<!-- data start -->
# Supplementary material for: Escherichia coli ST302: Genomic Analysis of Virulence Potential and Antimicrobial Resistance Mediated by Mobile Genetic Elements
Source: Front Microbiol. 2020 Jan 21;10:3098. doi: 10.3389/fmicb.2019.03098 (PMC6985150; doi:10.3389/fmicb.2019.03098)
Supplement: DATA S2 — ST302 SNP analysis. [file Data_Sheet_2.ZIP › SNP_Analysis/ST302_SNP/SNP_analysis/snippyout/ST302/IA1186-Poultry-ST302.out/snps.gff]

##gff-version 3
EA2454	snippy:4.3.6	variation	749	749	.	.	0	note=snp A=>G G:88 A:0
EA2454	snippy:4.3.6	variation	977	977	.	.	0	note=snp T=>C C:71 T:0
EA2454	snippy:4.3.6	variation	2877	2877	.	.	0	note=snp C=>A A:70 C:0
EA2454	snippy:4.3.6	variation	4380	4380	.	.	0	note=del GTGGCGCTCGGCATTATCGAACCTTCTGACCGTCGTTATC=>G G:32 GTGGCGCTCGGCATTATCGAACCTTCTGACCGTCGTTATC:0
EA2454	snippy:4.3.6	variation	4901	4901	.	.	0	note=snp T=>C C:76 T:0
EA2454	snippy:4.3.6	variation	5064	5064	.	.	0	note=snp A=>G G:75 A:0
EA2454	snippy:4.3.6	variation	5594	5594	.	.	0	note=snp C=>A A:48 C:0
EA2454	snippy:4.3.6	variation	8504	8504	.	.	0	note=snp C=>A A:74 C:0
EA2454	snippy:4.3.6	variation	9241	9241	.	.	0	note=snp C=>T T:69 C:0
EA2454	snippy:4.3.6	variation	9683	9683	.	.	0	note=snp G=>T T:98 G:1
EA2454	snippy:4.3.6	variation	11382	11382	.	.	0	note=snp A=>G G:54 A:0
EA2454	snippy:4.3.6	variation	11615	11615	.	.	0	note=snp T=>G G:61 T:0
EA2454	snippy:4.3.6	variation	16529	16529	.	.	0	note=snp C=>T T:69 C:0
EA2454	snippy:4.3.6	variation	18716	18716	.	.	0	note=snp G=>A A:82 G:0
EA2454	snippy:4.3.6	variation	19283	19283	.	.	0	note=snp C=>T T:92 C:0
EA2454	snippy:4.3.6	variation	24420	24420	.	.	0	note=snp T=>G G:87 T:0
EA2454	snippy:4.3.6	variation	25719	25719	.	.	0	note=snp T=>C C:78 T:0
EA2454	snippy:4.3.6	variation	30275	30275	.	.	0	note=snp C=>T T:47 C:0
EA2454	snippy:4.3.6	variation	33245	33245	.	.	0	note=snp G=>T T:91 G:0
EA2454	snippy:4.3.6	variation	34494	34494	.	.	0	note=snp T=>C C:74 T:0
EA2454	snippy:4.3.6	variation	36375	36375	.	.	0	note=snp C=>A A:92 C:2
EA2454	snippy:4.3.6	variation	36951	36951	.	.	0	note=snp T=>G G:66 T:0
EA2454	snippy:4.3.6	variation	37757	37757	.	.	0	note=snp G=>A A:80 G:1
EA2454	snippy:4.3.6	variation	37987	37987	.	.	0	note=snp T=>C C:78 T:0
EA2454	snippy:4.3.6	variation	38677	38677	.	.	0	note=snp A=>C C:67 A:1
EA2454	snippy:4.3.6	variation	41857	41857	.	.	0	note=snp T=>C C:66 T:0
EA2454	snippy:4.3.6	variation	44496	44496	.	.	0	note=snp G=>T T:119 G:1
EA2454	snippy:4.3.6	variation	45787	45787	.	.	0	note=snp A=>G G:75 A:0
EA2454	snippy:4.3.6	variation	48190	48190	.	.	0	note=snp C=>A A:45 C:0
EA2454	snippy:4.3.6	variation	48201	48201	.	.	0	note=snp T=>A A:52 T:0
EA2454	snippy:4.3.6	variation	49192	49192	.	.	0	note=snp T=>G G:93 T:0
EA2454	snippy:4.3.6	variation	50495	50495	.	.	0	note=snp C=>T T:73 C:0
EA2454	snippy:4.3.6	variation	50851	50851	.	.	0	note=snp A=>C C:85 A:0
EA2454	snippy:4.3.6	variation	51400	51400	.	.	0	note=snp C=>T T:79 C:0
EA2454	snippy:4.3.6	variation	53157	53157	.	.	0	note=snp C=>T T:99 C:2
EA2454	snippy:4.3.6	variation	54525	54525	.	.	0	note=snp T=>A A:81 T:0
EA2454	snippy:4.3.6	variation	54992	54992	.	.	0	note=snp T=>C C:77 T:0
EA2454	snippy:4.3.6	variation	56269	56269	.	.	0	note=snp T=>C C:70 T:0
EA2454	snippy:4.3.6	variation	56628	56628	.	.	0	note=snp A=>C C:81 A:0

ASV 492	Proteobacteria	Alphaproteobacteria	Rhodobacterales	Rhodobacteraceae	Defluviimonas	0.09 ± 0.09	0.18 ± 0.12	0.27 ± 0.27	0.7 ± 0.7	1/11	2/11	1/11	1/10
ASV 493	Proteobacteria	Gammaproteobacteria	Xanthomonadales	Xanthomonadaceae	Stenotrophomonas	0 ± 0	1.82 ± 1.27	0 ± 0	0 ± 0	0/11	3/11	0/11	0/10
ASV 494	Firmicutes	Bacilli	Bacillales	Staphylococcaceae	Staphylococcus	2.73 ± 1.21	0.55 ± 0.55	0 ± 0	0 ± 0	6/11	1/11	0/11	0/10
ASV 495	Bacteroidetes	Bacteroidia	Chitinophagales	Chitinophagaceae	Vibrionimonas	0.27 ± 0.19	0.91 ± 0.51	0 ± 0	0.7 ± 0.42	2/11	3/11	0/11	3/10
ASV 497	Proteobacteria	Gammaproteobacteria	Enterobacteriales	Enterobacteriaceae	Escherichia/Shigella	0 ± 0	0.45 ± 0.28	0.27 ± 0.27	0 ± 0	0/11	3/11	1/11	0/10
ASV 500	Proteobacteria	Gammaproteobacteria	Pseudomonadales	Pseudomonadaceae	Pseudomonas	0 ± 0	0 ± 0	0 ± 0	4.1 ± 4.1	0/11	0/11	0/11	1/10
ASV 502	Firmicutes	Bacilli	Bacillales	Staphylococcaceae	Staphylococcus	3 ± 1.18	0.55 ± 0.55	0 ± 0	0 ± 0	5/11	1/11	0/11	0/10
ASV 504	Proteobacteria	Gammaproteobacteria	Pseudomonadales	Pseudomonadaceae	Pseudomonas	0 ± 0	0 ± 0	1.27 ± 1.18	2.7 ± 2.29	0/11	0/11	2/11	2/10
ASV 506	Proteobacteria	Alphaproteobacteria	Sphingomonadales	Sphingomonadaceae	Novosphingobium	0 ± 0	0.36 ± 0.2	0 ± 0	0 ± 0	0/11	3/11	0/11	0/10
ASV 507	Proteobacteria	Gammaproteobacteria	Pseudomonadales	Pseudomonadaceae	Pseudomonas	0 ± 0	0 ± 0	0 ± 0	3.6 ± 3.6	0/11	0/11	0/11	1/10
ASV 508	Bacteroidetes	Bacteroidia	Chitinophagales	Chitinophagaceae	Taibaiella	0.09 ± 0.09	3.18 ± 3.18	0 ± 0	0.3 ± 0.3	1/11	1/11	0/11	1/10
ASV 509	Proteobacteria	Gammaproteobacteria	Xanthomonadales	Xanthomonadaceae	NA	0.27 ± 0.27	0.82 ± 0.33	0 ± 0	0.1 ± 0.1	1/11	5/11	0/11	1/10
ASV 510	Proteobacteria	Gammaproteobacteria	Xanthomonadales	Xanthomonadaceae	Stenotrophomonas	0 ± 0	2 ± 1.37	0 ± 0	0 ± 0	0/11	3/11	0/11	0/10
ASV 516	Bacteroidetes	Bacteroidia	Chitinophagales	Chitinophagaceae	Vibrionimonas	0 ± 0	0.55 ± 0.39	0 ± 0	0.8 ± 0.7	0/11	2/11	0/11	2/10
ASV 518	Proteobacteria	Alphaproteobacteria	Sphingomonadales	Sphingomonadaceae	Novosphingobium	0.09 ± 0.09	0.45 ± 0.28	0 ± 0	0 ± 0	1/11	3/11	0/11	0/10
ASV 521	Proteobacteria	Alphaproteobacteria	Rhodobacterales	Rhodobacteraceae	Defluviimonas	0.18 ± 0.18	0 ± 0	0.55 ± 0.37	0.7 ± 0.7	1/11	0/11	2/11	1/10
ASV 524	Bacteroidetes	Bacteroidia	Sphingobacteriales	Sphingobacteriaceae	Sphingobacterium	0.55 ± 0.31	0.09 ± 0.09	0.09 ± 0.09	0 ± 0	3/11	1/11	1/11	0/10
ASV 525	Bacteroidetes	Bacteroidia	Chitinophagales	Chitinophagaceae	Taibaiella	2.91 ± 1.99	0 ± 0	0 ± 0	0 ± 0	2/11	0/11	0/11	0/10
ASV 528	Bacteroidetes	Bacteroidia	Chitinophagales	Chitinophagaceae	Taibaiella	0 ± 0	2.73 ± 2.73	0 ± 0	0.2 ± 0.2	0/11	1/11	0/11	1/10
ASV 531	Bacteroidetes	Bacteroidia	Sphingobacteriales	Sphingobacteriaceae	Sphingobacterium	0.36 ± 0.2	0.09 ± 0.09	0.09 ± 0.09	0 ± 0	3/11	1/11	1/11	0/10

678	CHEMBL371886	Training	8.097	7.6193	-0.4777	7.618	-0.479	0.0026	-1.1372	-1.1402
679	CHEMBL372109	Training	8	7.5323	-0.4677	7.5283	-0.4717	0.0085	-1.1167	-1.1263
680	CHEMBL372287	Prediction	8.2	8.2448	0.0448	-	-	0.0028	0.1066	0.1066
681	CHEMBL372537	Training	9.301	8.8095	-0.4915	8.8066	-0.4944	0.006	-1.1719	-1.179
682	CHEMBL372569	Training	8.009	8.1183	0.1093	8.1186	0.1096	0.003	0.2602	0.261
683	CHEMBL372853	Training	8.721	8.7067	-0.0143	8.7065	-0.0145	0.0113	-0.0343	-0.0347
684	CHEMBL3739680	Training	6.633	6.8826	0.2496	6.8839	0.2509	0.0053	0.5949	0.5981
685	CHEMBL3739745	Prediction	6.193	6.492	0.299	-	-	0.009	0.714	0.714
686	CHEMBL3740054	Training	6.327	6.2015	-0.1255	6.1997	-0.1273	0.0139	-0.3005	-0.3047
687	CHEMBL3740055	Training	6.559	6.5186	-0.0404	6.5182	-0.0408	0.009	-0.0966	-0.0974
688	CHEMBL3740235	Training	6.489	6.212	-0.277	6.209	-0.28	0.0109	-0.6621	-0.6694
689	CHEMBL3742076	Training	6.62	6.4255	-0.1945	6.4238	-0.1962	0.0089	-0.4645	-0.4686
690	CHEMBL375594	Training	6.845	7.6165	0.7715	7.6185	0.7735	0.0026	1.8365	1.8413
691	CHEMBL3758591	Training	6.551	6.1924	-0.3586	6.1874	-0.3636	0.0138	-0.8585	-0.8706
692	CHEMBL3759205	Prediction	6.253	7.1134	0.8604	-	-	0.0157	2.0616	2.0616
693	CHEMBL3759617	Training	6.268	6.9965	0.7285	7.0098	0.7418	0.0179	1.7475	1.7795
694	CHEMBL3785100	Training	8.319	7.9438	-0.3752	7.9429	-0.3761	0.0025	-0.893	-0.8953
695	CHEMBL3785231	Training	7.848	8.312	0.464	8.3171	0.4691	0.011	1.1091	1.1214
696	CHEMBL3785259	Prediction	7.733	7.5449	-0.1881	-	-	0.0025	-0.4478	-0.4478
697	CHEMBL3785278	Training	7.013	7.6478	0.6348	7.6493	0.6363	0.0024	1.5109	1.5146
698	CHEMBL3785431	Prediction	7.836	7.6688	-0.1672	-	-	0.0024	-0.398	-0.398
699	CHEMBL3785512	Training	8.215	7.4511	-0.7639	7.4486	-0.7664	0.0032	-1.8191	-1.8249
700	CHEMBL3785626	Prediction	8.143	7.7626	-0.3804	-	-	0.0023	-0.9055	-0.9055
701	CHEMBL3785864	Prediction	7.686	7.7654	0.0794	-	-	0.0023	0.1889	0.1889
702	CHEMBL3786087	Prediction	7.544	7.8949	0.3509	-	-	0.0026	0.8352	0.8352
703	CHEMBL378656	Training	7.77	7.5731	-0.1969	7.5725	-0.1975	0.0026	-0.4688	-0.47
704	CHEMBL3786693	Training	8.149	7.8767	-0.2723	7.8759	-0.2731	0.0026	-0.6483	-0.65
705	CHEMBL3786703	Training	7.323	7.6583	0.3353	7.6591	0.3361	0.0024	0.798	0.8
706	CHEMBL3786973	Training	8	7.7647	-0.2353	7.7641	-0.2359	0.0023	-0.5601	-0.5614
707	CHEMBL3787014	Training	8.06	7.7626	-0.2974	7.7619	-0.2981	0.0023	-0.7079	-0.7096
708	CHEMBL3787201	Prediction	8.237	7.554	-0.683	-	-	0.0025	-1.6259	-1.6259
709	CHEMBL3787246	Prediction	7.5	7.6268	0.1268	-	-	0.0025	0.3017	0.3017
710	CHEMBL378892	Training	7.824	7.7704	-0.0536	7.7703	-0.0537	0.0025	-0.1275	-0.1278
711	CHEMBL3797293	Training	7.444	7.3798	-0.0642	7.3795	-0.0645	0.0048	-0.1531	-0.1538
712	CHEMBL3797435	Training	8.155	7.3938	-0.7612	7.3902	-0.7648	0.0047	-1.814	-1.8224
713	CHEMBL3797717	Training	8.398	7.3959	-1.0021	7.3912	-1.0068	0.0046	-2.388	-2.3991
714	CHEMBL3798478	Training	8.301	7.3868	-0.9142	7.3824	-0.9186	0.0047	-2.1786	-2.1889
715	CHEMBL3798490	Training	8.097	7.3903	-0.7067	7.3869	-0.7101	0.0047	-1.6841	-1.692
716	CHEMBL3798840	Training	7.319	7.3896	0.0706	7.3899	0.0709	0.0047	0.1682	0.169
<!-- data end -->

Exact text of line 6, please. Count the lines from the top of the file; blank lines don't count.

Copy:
EA2454	snippy:4.3.6	variation	977	977	.	.	0	note=snp T=>C C:71 T:0